Royal Icing with Consistency Adjustments
Royal Icing is hands-down my favorite icing for cookie decorating. The egg whites in Royal Icing make it faster drying than confectioner’s icing, where the liquid content is usually milk or cream, and better for fine detail work, as it’s less prone to spreading. Use this thick formulation as edible glue for adhering sugar dragées and fondant appliqué to cookie tops, or for piecing together large gingerbread structures. For outlining, topcoating, marbling, and other cookie decorating techniques, just thin with water until the desired consistency is reached. See Consistency Adjustments, right.
Yield: About 4 1/2 cups, enough to topcoat 4 to 5 dozen (3-inch) cookies
Prep Talk: Tinted icing is best used the day it’s mixed. (The color will dry more uniformly, without bleeding or blotching, this way.) Otherwise, the icing can be made 1 to 2 days ahead and stored in the fridge. Bring the icing to room temperature when ready to use and stir well to restore its original consistency. Once applied to cookies, the icing should remain at room temperature so it sets into a crunchy candy-like coating. Important: Unless you’re using the icing, always cover the surface flush with plastic wrap to prevent a crust from forming.
- 2 pounds powdered sugar
- 1/2 teaspoon cream of tartar
- 5 large egg whites (or about 11 tablespoons or 5 1/2 ounces pasteurized whites*)
- Flavoring, to taste
- Liqua-gel food coloring of your choice, to desired shade
* To guard against salmonella poisoning associated with raw eggs, it’s best to use pasteurized whites (or hydrated meringue or albumen powder) especially when serving the very young or old, or those with compromised immune systems. Pasteurized whites are found in cartons, or pasteurized in the shell, in the refrigerated section of most grocery stores. If using pasteurized eggs in the shell, you may find the eggs harder to separate than normal, so you may need to use an additional egg white. If using meringue powder, use 2 teaspoons meringue powder hydrated in 2 tablespoons warm water for each large egg white called for in this recipe. Be sure to hydrate with warm water to completely dissolve the powder; otherwise, your icing may end up gritty.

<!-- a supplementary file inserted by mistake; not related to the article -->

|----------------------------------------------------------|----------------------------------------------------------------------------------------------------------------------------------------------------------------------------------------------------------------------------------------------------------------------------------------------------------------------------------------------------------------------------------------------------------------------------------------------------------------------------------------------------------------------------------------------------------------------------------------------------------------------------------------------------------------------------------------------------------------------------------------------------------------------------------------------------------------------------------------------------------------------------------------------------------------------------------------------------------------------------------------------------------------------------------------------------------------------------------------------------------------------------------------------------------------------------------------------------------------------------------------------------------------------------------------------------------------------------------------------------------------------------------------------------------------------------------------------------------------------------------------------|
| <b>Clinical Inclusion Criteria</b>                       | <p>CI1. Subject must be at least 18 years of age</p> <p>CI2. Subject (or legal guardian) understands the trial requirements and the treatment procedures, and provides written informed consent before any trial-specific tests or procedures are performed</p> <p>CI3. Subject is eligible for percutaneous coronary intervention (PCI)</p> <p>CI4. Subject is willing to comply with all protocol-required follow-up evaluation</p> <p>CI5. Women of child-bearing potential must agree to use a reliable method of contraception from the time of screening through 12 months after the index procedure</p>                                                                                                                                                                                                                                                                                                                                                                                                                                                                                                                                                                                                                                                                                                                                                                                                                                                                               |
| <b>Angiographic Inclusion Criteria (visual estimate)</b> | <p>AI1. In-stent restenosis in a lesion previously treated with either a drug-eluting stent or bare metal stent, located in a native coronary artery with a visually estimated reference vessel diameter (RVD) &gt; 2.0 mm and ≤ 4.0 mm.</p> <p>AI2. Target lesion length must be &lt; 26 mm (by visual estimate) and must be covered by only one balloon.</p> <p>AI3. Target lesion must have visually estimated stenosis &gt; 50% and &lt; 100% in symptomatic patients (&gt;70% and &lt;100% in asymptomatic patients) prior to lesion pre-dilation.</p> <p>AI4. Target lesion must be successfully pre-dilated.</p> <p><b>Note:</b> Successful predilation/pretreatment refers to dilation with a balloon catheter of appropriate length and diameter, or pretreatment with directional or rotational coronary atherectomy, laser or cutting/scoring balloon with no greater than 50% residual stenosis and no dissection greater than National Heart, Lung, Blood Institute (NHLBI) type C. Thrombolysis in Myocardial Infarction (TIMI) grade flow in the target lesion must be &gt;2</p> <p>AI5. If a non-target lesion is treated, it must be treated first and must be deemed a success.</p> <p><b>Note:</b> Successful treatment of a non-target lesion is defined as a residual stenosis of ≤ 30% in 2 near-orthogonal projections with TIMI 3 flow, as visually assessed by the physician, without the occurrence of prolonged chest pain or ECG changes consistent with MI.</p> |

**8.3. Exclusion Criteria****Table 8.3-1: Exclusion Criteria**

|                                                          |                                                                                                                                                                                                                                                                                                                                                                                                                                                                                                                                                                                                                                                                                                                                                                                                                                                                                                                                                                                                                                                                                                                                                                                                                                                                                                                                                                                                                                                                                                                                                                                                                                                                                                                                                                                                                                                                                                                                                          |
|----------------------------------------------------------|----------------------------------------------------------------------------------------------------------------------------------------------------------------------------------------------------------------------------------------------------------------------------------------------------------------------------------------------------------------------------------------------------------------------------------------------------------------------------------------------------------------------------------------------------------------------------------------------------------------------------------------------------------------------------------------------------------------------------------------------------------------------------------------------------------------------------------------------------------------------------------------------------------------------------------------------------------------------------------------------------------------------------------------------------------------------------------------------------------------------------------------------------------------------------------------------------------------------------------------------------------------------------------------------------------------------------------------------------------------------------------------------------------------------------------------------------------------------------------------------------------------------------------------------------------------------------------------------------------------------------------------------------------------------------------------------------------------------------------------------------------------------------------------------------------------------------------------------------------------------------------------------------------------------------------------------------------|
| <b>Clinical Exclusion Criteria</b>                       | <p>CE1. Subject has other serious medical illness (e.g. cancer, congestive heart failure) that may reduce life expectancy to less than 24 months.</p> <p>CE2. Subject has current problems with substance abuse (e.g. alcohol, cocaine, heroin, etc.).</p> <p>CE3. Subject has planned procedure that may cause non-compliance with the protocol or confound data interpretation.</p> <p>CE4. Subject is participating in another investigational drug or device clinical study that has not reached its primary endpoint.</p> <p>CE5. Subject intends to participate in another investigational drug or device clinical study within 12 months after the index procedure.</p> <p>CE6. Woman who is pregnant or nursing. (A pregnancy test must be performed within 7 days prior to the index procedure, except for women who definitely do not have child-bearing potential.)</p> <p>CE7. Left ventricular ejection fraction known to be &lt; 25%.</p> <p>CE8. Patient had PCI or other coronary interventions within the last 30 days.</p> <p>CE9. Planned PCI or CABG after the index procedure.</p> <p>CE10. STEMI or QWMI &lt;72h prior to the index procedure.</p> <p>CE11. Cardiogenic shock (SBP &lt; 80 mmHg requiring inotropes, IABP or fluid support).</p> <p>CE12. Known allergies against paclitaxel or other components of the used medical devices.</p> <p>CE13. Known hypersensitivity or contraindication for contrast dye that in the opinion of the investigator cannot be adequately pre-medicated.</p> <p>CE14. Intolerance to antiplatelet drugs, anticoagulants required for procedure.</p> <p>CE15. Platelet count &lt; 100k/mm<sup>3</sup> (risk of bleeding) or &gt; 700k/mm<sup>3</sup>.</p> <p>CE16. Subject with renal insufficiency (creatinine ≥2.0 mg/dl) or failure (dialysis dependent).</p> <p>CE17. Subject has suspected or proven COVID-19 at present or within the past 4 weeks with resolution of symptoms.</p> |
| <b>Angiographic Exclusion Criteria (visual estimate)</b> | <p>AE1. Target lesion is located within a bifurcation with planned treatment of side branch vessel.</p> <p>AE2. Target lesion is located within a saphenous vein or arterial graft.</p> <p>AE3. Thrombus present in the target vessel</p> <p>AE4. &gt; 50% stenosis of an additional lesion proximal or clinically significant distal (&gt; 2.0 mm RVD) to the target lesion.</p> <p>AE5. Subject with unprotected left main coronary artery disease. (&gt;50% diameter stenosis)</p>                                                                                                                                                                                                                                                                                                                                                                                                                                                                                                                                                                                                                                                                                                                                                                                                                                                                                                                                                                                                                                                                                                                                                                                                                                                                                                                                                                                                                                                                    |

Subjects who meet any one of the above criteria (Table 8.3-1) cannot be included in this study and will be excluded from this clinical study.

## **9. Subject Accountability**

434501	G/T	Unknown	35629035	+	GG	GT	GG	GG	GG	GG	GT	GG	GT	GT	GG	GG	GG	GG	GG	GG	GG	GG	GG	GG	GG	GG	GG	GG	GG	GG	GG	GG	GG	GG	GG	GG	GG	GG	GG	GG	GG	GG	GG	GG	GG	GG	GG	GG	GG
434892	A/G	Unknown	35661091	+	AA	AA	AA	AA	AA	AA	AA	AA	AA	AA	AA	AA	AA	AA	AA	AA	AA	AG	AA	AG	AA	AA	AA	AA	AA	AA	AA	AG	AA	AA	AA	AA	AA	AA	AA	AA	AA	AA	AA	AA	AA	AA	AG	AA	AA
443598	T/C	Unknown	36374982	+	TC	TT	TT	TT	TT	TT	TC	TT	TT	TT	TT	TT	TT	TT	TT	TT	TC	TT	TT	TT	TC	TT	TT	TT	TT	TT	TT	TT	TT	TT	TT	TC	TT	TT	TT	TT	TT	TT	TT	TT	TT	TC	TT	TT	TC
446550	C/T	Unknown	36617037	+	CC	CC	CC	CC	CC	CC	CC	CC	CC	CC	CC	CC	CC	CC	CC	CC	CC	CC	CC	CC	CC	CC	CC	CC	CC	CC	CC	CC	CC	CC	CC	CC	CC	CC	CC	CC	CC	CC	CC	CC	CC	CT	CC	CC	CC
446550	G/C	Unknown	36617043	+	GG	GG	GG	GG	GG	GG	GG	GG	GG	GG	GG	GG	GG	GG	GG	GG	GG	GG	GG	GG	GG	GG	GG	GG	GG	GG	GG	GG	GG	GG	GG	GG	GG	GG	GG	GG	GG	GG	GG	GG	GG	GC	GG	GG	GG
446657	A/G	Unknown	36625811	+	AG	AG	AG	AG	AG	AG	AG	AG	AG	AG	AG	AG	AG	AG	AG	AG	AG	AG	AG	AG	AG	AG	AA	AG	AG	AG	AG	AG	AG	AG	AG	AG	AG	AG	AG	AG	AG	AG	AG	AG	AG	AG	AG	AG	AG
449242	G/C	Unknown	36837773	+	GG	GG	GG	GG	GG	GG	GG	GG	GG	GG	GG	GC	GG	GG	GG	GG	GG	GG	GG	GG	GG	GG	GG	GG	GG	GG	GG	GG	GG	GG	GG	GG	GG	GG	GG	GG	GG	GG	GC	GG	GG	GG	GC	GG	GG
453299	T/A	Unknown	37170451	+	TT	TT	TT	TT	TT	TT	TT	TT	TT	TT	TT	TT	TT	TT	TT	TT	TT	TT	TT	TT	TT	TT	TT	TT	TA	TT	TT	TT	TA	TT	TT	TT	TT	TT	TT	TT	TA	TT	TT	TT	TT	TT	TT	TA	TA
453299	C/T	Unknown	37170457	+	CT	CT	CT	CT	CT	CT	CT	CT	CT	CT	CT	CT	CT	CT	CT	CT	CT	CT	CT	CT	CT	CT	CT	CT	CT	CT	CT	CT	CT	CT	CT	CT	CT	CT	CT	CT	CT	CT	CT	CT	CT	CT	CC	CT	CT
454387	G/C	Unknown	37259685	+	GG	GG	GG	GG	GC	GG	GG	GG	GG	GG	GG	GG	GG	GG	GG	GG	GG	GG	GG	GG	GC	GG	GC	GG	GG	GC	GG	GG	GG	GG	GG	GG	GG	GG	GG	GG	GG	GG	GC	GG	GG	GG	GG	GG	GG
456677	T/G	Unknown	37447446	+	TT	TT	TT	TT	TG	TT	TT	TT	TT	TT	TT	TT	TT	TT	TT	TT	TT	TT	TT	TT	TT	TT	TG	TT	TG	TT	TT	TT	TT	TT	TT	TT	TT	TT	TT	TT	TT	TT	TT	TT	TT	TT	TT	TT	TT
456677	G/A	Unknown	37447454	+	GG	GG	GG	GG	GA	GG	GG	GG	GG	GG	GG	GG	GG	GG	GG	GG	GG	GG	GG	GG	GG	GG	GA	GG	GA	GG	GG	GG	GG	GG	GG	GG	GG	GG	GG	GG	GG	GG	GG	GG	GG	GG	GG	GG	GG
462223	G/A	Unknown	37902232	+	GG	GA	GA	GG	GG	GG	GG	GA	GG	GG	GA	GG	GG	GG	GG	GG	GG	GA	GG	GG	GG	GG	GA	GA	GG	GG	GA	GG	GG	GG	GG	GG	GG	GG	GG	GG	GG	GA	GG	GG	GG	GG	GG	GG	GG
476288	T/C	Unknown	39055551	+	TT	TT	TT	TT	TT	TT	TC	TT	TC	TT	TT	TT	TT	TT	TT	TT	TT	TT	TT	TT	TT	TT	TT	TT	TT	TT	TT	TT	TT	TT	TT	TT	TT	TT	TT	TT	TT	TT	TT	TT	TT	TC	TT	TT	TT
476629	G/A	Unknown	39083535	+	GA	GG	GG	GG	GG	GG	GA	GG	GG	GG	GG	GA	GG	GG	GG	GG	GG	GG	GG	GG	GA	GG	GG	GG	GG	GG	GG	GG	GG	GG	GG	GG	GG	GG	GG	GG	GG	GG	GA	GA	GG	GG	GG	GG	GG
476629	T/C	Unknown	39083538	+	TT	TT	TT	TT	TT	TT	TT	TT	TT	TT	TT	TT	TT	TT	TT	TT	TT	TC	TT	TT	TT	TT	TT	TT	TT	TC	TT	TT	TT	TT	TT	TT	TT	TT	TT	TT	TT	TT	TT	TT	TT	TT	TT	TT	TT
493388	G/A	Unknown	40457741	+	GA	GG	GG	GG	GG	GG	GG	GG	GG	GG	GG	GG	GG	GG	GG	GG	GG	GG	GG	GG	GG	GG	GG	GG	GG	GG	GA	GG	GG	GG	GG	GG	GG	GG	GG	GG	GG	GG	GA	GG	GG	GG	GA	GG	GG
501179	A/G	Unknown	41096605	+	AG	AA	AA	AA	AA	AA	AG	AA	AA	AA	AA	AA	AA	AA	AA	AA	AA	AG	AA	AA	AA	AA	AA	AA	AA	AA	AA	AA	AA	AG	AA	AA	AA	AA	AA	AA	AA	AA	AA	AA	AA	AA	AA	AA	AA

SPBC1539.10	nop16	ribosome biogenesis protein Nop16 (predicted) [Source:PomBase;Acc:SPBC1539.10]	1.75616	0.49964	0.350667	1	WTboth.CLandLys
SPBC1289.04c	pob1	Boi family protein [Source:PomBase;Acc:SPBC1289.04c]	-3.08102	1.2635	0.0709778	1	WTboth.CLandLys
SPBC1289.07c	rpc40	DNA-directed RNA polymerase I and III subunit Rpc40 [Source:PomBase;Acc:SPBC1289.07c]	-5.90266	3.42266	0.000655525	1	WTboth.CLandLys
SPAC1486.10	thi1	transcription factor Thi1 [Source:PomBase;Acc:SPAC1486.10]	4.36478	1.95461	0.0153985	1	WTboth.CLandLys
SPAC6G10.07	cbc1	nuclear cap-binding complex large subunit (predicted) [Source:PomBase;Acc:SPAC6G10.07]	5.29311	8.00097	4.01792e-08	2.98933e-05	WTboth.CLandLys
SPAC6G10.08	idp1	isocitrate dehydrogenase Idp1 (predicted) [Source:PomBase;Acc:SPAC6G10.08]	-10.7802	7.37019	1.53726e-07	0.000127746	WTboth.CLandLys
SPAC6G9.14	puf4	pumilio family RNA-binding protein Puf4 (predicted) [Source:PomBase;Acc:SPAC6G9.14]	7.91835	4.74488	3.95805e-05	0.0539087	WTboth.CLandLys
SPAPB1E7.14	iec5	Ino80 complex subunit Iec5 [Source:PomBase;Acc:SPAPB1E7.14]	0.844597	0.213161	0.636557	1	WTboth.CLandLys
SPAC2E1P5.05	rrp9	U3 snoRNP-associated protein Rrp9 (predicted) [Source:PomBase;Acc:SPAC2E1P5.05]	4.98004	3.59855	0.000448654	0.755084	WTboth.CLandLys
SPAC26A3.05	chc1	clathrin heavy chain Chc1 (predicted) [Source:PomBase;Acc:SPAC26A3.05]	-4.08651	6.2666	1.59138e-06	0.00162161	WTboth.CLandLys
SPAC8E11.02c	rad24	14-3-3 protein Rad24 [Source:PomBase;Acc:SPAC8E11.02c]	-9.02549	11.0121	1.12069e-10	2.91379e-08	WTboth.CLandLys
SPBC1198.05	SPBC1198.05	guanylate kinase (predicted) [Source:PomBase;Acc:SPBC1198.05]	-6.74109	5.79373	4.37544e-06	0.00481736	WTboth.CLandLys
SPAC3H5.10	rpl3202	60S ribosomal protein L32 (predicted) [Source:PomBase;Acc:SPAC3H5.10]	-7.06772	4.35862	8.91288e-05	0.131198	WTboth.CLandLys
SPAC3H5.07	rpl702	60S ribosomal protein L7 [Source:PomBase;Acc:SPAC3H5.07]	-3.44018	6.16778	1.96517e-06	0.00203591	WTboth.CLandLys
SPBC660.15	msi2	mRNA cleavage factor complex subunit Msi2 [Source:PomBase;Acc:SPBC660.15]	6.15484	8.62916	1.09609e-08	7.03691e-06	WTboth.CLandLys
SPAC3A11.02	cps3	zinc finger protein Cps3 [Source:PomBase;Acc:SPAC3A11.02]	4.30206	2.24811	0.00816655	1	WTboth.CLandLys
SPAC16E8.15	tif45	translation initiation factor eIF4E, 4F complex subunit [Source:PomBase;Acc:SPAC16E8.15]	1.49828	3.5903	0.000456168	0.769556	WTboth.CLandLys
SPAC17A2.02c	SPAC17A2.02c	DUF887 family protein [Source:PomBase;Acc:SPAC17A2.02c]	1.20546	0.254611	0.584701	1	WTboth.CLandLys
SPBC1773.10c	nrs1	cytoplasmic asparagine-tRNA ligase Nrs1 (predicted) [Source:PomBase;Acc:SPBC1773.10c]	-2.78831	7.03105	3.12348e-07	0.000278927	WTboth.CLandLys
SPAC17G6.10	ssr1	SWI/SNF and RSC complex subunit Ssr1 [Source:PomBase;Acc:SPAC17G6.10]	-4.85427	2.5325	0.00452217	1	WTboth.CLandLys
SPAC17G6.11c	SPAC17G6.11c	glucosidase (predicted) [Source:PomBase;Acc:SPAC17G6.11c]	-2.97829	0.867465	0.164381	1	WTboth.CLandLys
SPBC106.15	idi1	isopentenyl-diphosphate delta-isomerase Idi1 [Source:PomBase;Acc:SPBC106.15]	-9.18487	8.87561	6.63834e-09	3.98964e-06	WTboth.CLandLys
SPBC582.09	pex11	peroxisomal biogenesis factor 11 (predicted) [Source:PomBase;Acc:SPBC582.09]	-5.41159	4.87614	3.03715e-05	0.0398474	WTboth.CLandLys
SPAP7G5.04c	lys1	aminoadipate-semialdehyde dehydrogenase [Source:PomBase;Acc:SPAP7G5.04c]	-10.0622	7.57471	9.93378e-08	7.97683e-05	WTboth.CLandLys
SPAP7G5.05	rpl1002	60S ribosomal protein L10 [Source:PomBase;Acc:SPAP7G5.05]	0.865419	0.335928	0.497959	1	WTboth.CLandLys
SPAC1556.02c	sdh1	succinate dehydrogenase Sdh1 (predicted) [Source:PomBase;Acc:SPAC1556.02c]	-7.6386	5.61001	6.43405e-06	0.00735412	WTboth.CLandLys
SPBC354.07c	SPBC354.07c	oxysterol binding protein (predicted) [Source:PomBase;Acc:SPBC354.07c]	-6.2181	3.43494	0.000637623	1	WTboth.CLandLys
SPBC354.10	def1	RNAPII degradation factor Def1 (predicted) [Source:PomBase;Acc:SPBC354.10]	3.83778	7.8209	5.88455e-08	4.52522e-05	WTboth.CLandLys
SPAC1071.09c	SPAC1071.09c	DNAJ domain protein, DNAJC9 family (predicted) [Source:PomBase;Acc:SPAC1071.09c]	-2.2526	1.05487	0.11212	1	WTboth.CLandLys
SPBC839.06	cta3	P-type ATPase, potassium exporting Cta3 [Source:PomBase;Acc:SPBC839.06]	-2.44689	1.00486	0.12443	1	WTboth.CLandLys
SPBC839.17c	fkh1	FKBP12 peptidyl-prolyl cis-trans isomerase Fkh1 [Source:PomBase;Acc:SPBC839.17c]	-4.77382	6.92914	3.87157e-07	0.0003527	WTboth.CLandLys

1 | Mix the powdered sugar and cream of tartar together in the bowl of an electric mixer. Stir in the egg whites by hand to moisten the sugar. Fit the electric mixer with a whip attachment and beat the mixture on low speed to evenly distribute the egg whites. Turn the mixer to medium-high speed and continue to beat about 1 to 2 minutes, just until the icing is silky and very white. (The icing will lighten and thicken as you beat it.)
Take care not to beat the icing any longer than is needed to turn it crisp white, and to only beat it at high speed at this very thick consistency. Extended beating, especially of looser icing, can pump a lot of air into it, creating tiny (or not so tiny) bubbles that can be a pain to eradicate once incorporated.
2 | Beat in flavoring and/or coloring, as desired. Again, take care not to overbeat for the reasons noted in Step 1.
Outlining and Topcoating with Royal Icing
Photo by Steve Adams
Consistency Adjustments: The following consistency adjustments are approximate guidelines for 1 cup of thick, un-tinted Royal Icing. The addition of food coloring or flavoring, beating time, and normal variations in egg size can all affect the end-consistency of your icing.